Worked Exercise- Tuples and Sorting
And now, in this little bit of lesson, we're going to talk about some tuples, and we're going to create a list of the most common words, and find out how to sort a dictionary by the values instead of by the key. And then goes through the words and does the idiom of using dictionary get to maintain the counters and we print it out at the very end. Now, instead of printing this out, we are going to, let me do this in a couple of steps, make a new tuple and I'll just call it newt equals (v,k).
- زمان مطالعه 10 دقیقه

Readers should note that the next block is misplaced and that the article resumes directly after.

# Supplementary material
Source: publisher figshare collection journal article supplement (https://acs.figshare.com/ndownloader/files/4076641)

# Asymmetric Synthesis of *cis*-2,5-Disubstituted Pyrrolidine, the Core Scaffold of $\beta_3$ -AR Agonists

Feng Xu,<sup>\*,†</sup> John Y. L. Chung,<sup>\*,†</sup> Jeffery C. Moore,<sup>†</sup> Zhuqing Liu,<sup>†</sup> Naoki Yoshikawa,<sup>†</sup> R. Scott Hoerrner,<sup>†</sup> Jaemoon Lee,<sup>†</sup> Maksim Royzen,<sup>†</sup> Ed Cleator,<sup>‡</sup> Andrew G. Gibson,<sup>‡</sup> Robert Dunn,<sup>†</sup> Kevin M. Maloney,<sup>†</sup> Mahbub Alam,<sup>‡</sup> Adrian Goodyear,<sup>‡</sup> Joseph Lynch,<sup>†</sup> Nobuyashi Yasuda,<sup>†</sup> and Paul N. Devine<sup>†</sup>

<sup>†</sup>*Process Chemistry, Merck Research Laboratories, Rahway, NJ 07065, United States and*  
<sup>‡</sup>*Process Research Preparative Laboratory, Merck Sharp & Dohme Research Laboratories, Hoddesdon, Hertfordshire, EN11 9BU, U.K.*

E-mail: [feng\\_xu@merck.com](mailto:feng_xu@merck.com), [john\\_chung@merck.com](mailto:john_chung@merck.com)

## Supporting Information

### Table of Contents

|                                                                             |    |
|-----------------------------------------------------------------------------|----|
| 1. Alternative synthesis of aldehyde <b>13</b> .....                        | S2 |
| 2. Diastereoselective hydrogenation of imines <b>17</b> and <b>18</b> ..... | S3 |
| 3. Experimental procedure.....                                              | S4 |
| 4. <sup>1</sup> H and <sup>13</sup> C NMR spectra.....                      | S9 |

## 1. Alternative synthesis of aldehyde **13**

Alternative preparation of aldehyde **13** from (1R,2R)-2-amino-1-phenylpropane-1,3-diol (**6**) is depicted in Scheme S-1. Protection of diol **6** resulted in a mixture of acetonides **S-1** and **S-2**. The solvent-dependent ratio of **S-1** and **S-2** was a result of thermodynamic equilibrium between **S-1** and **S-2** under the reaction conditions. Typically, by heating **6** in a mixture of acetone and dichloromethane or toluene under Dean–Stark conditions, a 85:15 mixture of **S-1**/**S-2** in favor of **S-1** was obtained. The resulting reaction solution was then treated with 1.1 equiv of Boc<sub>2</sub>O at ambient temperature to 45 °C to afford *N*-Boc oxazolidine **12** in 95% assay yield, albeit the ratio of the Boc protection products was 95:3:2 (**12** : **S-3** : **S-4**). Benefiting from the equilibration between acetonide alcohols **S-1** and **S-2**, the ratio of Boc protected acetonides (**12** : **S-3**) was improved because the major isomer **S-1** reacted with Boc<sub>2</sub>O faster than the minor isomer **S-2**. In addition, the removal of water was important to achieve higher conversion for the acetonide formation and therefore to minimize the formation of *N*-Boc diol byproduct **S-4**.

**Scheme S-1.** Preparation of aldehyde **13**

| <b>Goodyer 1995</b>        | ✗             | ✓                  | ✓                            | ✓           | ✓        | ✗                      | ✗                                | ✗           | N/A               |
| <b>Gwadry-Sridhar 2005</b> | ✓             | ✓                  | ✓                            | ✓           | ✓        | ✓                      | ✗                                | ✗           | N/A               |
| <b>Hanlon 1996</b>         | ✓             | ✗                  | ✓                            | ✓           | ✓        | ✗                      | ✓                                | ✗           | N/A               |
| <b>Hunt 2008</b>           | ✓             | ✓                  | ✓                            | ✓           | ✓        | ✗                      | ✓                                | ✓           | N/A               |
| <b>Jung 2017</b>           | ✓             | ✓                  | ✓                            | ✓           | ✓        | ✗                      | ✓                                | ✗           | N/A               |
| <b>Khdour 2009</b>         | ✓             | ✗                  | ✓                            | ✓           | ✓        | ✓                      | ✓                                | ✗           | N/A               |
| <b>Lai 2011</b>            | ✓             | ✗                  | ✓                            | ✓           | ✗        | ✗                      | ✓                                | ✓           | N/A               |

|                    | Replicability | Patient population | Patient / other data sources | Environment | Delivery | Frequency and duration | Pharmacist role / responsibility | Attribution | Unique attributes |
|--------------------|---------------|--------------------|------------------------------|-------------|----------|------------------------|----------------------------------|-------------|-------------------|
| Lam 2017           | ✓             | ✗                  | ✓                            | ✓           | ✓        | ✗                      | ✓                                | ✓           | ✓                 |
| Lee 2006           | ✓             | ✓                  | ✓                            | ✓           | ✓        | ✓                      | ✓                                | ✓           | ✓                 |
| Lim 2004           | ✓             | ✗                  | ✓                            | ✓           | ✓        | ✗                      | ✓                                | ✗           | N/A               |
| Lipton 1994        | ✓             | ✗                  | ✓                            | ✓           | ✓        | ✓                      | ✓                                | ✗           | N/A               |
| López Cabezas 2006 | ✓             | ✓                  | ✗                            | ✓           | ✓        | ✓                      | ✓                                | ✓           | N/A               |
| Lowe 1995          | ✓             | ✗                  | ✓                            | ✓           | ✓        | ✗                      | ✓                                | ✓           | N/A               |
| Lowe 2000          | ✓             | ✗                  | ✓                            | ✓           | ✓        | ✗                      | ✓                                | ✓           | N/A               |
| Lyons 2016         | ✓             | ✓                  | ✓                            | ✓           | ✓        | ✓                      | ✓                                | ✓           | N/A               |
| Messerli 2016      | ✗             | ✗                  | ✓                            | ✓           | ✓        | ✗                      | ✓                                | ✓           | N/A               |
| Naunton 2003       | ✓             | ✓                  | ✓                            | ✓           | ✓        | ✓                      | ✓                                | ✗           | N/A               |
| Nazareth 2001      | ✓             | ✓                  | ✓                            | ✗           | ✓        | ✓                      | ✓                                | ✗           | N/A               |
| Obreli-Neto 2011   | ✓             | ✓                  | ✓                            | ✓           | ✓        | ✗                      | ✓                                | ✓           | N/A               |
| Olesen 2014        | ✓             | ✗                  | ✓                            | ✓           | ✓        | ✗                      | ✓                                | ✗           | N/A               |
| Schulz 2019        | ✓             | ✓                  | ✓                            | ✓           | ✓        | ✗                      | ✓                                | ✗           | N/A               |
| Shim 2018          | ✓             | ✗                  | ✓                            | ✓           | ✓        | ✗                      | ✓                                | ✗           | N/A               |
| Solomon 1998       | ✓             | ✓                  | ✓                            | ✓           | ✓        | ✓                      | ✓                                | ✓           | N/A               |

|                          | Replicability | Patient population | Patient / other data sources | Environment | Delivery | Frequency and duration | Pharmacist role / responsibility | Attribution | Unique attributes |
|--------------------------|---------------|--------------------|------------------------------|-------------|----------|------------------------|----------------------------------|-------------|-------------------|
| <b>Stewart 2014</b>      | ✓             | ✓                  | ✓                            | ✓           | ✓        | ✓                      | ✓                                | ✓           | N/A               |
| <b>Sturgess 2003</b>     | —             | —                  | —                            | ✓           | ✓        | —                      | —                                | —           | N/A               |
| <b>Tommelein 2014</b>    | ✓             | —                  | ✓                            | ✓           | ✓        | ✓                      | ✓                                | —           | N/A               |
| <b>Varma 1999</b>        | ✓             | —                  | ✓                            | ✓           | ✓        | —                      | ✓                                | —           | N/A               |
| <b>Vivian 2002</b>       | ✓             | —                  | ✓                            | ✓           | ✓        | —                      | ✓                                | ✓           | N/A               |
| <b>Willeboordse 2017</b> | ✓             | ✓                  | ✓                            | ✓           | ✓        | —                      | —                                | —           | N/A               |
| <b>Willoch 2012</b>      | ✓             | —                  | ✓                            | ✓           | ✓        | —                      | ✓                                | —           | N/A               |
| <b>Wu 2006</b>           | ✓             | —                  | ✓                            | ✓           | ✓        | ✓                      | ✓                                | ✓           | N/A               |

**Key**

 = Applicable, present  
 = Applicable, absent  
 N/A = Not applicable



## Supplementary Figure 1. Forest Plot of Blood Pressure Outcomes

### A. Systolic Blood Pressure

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Hello, and welcome to Python for Everybody. I’m Charles Severance. And now, in this little bit of lesson, we’re going to talk about some tuples, and we’re going to create a list of the most common words, and find out how to sort a dictionary by the values instead of by the key. We’re going to use the clown.txt file and the intro.txt file. And I’m going to start with the code from Exercise 9 that I just did from Chapter 9. It’s not actually from the exercises, but it’s very similar to them. And I’m going to make a copy and I’m going to keep it in the same folder. I’m going to keep it in the ex 09 folder. And just call it ex 10, because this code is going to do much of the same stuff and it’s going to read these same files. And so I’ve got myself Exercise 10, Exercise 9 is still here, Exercise 10 is now what I’m editing, Exercise 10. But I’m in the Exercise 9 folder. So in Exercise 9 we looked for the most common word but we want to find the five most common words which is going to require us to sort. So I’m going to get rid of that code because it’s not really how we’re going to do it. There we manually looped through it and found the maximum. And so I’m going to just run this. cd Desktop/py4e/ex 09 and if I do an ls you see that I’ve got ex 09.py intro.txt so I’ll run python3 ex 10.py and run the clown data and we see that we see the dictionary and it’s properly making it in this code right here. That doesn’t change. It reads the file, reads all the lines, goes through and splits it into words. And then goes through the words and does the idiom of using dictionary get to maintain the counters and we print it out at the very end. So the new code we’re going to write is down here. Okay? So let’s first do a few things. If I can say x is equal to the dictionary.items. And this gives us basically a list print x, this gives us a list of the key-value pairs. This prints out the dictionary but, if we do it this way and use items it gives us the key-value pairs. Okay, and so that’s what we got. Key-value pairs. Now, we can sort this based on the value because tuples can be compared. This can be compared with this and because d is lower than r, then this one is lower, this whole, this ran tuple comes after the down tuple. So we can sort this whole thing. And I’ll do this by just putting the word sorted here and say give me a sorted version of that. Now, it’s going to do it based on the order of the tuples. This is going to be higher precedence than this. So if I print it this way, run it again, you’ll see that it’s sorted. And now is after, and, car, it’s in alphabetical order by key. And so we could actually print the first five, up to and not including five, by adding a list on the slice of this, a list slice here. And so that will show you only the first five, right? Except that that’s not what we’re trying to do. We really want to sort by this. Okay? So we have this mechanism that can take a list and sort it based on the tuple values. If we could create a list where it was 1 comma after, instead of after comma 1, and make it the exact same thing, then we could actually then sort it, and it would be fine. Okay? So let me show you a couple of ways at least one way to do that, okay? Get rid of this. We going to hand construct a list. And just call it tmp equals give me a new list. tmp equals new list. And then for k,v in the di.items. And I’ll just start by printing k,v. So we see, and this is where it’s really nice to do these with the clown code first and then only do to your test on bigger file later. And so it’s pretty much the same thing, we are going through in key-value order, which is dictionary order, which is not sorted at all, okay? Now, instead of printing this out, we are going to, let me do this in a couple of steps, make a new tuple and I’ll just call it newt equals (v,k). Okay, so I’m saying make a new tuple. This is like a new tuple with two items in it, and I’m going to make the value the key. Okay, so then I’m going to say tmp.append(newt). New tuple. So, I’m going to end up with a list of tuples, comment this one out, and under then when I’m done here I’m going to print tmp. So if I run clown.txt. You see what happens in tmp. It’s still, well let’s print tmp twice. I mean, it’s not sorted, it’s flipped, let’s print it. That’s okay. That’s the flipped one. Okay, so it’s flipped and all we did is we made it, instead of car, 3 it’s 3, car. But now we have a list. Okay? So now it’s flipped, and now we can sort that. We can say tmp equals sorted(tmp). So it says take tmp and sort it, and give it back to me. And now I’m going to say print(‘Sorted’,tmp). Okay, so here’s the first print. When we flip it, we’ve got 2 tent. But it’s not sorted at all. But after we sorted it, it’s sorted by tuple and the lowest is 1 after, so you’ll notice that 1 is the same as 1 so it checked the second item in the tuple. So down comes before after. Fell becomes after down. Intro on alphabetical order, but now we get the 2’s. So all the 1’s sort there. And then the 2’s come here, but then within the 2’s it sorts in alphabetical order because like a string if the first character matches, then it looks to the second character, and then we see oh, here we go, the 3’s, and then the one we actually wanted, the highest one, is the 7. And so one of the things we can do is we can say, you’ll notice that we want the highest one, not the lowest one. So we can just tell this, with this parameter, reverse equals true. And we just say, hey sorted, do this backwards, do it from highest to lowest, rather than lowest to highest. And now our sorted ones says 7 the, etc, okay? And so we want the first five. We can say up to but not including 5. So this is now the top five. So the sorted one is that’s the top five. If there is, it’s a tie we’re going to go in reverse alphabetical order. but let’s not worry about that too much for now. So it makes a flipped list then it sorts the flipped list. Now if I just wanted it to print it out nicer I could loop through this new list, I could say for v,k, remember this is a flipped list so the sensible thing is. What’s coming out if this list each tuple is value, key in tmp. And I’m only going to go up to, up to but not including 5, so the first five. And so I’m pulling them back out as value-key because that’s what they are. They’re value-key. See, value-key, value-key, value-key. So v is going to go through these and k is going to go through these, and then I’m just going to print(k,v). So this is kind of my flipping backwards, because I want to see them this way. And the is the most common one, car 3. And so t’s just going through this up to the fifth one and then printing them out. Okay? So let me comment this out. Let me comment that out and just delete this. So we have a dictionary. Let me comment out the dictionary. We have a dictionary, we make a list, and then we make these reversed tuples where we have the value first and the key second. We’re setting it up so the sort’s going to work. And then once it’s sorted, we have to flip them back. So we flip them for sorting from key-value to value-key for sorting. We do the sort. Then we flip them back with key-value and print them out. And it works fine, so let’s try our big file, intro.txt. And there you go, those are the five most common words in intro.txt. So you might ask yourself, why did we use tuples? We probably could’ve really used lists for this. But tuples are more efficient than lists and you notice that we weren’t going to modify. We did modify the temp list, it’s a list of tuples, but the tuples within the list we weren’t going to modify. And so we tend not to make lists if we can get away with using tuples. And so that’s why we made this flipped tuple thing, okay? So I hope that was useful to you, I hope to see you on the net.